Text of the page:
1st edition cover
|Media type||Print (Hardback & Paperback)|
|ISBN||NA & (reissue ISBN 0-8032-7943-4)|
||This article includes a list of references, related reading or external links, but its sources remain unclear because it lacks inline citations. (October 2013)|
Free Air is a 1919 novel written by Sinclair Lewis. A silent movie adaptation of the novel was also released on April 30, 1922. The film starred Tom Douglas as Milt Daggett and Marjorie Seaman as Claire Boltwood.
|This section requires expansion. (October 2013)|
This cheerful little road novel, published in 1919, is about Claire Boltwood, who, in the early days of the 20th century, travels by automobile from New York City to the Pacific Northwest, where she falls in love with a nice, down-to-earth young man and gives up her snobbish Estate. (From the Book Stub)
From a critical perspective, Free Air is consistent with Sinclair Lewis's lean towards egalitarian politics, which he displays in his other works (most notably in It Can't Happen Here). Examples of his politics in Free Air are found in Lewis's emphasis on the heroic role played by the book's protagonist, Milt Dagget, a working class everyman type. Conversely, Lewis presents nearly every upper-class character in Claire Boltwood's world (including her railroad-mogul father) as being snobby elitists. The story also champions the democratic nature of the automobile, versus the more aristocratic railroad travel. Lewis's showing favoritism towards the freedom, which automobiles would eventually accord the working and middle classes, bolster the egalitarian, democratic aesthetic}. Free Air is one of the first novels about the road trip, a subject that the Beats (most notably Jack Kerouac), would build a cult following around in the mid-20th century.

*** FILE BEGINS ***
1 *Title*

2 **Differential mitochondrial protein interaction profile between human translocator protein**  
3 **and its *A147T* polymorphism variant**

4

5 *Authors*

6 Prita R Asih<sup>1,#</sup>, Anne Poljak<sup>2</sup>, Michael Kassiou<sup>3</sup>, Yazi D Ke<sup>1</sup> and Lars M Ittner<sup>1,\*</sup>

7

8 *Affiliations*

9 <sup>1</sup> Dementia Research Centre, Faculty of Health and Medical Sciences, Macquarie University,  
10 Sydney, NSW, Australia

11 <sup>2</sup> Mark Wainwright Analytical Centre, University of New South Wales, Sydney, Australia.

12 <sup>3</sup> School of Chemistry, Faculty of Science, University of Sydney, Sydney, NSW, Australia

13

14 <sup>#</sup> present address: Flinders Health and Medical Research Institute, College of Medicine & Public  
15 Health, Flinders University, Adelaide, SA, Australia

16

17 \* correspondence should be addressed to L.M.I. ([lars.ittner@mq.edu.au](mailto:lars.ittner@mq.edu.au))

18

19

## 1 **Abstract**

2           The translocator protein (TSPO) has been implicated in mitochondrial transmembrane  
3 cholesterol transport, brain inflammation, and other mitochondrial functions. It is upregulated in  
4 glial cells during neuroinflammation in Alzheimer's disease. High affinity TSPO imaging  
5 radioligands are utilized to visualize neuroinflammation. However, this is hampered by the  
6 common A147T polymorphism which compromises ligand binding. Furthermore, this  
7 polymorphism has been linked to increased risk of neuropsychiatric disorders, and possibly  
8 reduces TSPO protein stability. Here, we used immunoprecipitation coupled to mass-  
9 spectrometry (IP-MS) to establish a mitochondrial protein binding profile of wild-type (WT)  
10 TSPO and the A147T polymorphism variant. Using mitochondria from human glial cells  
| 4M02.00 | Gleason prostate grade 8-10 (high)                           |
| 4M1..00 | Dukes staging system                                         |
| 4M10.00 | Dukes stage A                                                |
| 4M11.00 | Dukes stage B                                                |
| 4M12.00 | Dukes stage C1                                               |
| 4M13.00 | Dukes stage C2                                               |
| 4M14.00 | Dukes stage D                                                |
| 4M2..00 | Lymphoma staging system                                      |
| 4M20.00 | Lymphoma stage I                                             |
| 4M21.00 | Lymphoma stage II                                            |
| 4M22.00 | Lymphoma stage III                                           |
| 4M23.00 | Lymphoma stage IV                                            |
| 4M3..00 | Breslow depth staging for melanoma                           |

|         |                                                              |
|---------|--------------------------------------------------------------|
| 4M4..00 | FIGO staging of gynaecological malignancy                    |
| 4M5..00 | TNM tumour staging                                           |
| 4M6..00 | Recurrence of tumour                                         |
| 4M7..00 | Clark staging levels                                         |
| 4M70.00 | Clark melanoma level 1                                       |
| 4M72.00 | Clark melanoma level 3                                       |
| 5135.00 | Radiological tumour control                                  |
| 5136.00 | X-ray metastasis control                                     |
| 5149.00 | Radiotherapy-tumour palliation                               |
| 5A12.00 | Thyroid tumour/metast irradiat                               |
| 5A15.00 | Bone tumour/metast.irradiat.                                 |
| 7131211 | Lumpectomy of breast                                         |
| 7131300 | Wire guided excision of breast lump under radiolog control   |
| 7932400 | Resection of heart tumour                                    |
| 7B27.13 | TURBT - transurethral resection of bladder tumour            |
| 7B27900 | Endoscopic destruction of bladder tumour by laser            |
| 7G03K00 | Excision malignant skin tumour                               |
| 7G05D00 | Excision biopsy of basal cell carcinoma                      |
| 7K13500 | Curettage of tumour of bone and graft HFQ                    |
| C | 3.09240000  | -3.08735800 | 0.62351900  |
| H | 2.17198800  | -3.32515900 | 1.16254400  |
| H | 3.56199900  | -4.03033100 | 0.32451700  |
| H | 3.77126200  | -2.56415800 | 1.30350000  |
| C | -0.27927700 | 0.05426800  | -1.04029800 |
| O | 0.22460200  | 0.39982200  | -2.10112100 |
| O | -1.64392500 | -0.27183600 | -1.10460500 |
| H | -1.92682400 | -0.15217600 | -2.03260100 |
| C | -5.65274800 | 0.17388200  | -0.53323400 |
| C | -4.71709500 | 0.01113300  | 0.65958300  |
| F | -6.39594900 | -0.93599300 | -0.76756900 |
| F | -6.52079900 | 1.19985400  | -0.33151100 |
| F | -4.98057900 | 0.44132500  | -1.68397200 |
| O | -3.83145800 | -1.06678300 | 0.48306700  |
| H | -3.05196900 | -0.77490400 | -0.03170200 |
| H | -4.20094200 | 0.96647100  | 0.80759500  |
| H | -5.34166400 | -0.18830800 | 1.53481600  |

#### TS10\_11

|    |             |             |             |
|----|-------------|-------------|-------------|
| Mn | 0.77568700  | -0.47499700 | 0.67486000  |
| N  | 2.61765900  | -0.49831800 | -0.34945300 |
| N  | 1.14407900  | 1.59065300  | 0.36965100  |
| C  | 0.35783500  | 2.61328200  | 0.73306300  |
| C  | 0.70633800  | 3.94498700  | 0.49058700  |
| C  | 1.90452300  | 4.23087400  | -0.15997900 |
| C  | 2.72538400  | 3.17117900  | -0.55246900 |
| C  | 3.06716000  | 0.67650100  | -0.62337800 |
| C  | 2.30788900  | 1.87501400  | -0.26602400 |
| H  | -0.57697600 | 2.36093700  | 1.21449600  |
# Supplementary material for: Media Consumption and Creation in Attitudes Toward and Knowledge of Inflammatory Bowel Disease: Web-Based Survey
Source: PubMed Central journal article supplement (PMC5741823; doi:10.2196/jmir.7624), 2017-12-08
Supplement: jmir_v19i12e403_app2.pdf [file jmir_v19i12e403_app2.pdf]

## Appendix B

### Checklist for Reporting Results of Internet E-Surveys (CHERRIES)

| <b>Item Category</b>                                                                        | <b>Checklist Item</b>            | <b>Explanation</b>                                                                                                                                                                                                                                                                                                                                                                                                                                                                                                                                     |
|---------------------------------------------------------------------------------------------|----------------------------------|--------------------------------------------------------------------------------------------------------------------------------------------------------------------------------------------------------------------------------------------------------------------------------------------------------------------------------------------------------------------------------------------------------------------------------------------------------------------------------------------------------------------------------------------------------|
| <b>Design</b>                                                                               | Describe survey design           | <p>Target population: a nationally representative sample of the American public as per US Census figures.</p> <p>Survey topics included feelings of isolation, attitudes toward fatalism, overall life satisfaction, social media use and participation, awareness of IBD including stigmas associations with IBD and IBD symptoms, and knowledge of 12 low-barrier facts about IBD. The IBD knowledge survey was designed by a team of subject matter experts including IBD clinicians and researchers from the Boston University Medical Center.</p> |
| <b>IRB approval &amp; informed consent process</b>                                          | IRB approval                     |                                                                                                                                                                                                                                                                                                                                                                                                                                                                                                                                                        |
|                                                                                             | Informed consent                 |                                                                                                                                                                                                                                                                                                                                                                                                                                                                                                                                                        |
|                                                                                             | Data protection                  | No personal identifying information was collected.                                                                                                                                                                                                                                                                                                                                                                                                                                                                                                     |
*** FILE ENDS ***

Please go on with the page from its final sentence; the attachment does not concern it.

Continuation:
Composer Ferde Grofe used the novel as the basis for the music to his adventurous composition Free Air.
In the HBO series Boardwalk Empire, set initially in 1920, Jimmy and his girlfriend Pearl are reading Free Air. The 18-year old Chicago prostitute Pearl hopes to head West like the heroine, along with Jimmy.
- Works related to Free Air at Wikisource
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